"The second reason is, oftentimes, these antibiotics need to be IV versus oral, and so we have to admit patients," Kalra says. "We also know that a penicillin allergy is associated with longer hospital stays because of these reasons—so, increased risk for resistant infections. And so, that ends up resulting in longer hospital stays, which costs more as well."

"Even though we think that penicillin allergy label is pretty benign, it's actually not. It's harmful," she added. "This is a public health measure to remove a penicillin allergy label from someone who is no longer allergic, so that they can have access to these more narrow spectrum antibiotics that generally have less side effects."

A helpful delabeling tool

The process of delabeling a patient does not necessarily have to be done by an allergist. In fact, there is a tool that Kalra recommends clinicians use to determine if they may be able to delabel a patient in their own clinics.

The tool is called "PEN-FAST," and it is a scoring tool that looks at three parameters.

"Someone who has a PEN-FAST score of zero, one, or two, those patients are considered low-risk," Kalra says.

For low-risk patients, clinicians are generally advised to challenge their penicillin allergy by giving them an oral, single-dose of amoxicillin. The clinicians will then monitor the patient for about an hour to ensure there is no reaction, allowing the clinician to then confidently remove the penicillin allergy label.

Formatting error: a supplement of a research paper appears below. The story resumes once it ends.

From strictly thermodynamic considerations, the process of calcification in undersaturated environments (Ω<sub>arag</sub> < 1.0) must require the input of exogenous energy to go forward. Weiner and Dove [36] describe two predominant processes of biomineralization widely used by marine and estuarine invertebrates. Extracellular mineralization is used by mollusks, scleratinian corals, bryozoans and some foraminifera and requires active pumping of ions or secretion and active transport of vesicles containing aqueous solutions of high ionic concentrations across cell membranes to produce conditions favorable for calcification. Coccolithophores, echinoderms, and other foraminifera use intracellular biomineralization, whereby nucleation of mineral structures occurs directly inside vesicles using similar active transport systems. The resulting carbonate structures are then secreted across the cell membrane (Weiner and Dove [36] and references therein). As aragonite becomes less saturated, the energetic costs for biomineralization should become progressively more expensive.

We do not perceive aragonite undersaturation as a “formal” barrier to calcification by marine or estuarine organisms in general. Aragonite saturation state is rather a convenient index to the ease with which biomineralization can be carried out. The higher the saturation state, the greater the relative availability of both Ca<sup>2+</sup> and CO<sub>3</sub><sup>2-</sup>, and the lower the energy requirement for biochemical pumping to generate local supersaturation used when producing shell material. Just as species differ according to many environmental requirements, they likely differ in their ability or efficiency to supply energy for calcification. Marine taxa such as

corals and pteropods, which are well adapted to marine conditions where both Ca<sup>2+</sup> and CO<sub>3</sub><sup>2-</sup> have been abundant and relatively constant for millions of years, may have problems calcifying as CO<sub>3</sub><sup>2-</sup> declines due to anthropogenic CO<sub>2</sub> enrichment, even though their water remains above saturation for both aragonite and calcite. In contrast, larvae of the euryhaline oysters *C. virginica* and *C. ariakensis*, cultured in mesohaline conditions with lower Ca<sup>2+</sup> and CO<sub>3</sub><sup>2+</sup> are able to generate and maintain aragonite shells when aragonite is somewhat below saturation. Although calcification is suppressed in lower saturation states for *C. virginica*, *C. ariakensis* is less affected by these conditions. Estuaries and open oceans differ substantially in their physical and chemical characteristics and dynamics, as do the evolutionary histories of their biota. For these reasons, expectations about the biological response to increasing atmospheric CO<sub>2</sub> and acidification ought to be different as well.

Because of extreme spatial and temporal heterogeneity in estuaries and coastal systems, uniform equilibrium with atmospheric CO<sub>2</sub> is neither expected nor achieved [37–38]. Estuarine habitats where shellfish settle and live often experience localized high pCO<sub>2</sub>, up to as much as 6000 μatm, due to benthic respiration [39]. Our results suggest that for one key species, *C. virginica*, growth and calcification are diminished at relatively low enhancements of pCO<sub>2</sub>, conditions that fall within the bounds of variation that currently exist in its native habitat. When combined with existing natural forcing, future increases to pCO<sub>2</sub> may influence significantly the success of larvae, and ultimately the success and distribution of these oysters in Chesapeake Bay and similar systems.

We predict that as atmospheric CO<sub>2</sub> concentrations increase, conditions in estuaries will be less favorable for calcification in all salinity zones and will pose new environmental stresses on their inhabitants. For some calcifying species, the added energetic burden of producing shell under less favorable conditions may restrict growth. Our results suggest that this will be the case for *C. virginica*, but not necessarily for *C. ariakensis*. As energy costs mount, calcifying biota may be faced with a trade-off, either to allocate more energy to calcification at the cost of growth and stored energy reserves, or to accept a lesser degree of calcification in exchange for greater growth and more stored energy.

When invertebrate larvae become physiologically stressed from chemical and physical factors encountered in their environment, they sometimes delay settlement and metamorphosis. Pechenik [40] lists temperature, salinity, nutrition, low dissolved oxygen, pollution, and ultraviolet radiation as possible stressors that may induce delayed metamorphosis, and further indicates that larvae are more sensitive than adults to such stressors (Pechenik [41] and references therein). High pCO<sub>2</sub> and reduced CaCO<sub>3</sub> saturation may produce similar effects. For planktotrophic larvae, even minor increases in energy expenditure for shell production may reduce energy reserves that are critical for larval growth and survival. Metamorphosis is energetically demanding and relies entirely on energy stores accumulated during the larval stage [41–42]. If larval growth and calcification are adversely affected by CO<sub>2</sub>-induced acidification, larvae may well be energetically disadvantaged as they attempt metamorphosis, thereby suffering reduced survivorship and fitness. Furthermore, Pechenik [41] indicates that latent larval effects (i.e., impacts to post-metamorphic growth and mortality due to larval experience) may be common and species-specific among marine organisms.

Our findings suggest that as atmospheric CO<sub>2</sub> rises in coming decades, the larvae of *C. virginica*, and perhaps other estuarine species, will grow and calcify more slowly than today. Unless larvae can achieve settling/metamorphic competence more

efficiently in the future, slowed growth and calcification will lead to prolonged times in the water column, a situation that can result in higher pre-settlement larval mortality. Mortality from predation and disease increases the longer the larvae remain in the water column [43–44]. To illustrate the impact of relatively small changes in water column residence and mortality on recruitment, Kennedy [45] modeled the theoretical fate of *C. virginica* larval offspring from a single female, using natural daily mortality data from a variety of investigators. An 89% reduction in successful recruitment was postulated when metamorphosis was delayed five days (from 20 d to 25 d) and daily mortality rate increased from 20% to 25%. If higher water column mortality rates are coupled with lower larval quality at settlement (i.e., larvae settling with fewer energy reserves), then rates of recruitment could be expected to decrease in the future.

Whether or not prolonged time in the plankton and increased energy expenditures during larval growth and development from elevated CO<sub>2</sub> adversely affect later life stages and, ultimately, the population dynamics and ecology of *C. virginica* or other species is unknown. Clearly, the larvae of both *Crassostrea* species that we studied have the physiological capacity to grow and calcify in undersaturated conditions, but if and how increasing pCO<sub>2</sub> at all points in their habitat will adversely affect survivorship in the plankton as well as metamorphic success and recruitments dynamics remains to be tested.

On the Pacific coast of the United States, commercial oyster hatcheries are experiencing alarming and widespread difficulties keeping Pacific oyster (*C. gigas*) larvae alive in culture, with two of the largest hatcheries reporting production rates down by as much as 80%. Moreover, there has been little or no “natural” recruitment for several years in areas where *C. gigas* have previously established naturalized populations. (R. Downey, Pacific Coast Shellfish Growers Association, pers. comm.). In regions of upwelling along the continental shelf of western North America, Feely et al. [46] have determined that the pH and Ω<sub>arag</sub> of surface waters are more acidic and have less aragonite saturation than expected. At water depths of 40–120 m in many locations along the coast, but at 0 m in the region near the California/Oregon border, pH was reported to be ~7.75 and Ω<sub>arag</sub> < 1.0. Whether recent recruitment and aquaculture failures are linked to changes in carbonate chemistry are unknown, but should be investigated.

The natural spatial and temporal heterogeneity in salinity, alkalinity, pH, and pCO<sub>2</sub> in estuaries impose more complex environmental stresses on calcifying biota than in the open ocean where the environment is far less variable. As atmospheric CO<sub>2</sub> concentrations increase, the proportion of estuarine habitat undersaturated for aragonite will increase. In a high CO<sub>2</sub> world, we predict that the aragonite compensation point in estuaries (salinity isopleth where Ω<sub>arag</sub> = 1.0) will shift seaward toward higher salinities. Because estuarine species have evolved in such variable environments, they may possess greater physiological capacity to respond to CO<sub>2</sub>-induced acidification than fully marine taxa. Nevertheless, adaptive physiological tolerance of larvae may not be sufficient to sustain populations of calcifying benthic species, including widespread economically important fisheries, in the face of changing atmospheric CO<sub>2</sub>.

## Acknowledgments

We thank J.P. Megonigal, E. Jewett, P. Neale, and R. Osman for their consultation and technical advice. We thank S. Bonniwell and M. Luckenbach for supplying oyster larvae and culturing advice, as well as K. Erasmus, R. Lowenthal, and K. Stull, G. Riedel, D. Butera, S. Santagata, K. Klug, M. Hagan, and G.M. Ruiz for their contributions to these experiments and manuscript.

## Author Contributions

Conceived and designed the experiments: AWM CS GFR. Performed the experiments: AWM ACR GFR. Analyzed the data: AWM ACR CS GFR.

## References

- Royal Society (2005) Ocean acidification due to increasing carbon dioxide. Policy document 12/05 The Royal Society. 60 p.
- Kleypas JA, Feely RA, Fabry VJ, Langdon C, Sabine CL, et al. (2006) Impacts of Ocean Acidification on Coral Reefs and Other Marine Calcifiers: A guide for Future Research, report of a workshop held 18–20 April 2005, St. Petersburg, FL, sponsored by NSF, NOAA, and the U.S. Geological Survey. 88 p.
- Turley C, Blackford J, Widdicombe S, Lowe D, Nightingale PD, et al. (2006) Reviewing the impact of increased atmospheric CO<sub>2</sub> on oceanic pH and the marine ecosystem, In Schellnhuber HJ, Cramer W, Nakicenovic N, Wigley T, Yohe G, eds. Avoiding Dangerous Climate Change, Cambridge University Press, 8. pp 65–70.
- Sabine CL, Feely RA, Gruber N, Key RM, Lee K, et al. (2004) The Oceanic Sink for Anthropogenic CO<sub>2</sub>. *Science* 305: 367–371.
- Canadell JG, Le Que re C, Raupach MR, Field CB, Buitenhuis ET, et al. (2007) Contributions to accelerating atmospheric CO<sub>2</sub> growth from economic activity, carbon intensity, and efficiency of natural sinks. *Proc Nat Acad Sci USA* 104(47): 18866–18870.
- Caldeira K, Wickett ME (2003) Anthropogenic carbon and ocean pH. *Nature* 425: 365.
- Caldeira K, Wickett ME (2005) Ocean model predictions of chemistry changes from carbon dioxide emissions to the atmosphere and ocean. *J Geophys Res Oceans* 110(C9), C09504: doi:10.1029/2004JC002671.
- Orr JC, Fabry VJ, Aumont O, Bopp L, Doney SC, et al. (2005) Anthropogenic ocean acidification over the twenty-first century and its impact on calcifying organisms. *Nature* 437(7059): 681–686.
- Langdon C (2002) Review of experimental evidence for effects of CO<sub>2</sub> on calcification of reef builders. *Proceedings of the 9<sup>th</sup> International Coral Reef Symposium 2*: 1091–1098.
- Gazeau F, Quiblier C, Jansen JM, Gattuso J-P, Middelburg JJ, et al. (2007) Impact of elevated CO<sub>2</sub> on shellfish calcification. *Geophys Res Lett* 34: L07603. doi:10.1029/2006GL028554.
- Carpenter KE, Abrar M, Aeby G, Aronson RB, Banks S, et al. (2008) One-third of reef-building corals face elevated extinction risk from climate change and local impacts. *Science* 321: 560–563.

Patients with a PEN-FAST score of three or greater are considered either intermediate- or high-risk. For these patients, clinicians should refer them to allergy specialists so that additional measures can be taken, such as skin testing.

Creating new protocols

To help make penicillin allergy delabeling a more common, easier process, Kalra recently collaborated with Anita Moudgal, MD, an instructor in the Division of Hospital Medicine, to establish a new protocol through AgileMD, which is an electronic health record tool that allows clinicians to quickly access information about diseases, treatment options, and medical guidelines.

Kalra and Moudgal's project is an AgileMD pathway that is specifically designed for hospitalists to delabel hospitalized, low-risk penicillin allergy patients—meaning a patient with a PEN-FAST score of zero, one, or two—with a single-dose amoxicillin challenge, Kalra says.

"When there are penicillin allergic patients on these hospitalists' services, someone sends a message to the hospitalist saying, 'This patient is penicillin allergic and would be a good candidate for delabeling,'" Kalra says. "They can access this AgileMD pathway and it basically tells you how to do everything, and they can delabel the patient while they're in the hospital."

This project is part of an ongoing study that will analyze outcomes—such as length of stay, cost, and patient satisfaction—along the way, Kalra says. In March alone, 17 patients were delabeled.

"This is really what we should be doing because, otherwise, we're going to miss a lot of these patients," she says. "We're really hoping to broaden this—not just to hospitalists, but across the board to other sub-specialties and areas where this becomes much more mainstream."

Citation: You're probably not allergic to penicillin, even if you think you are (2024, May 7) retrieved 17 June 2024 from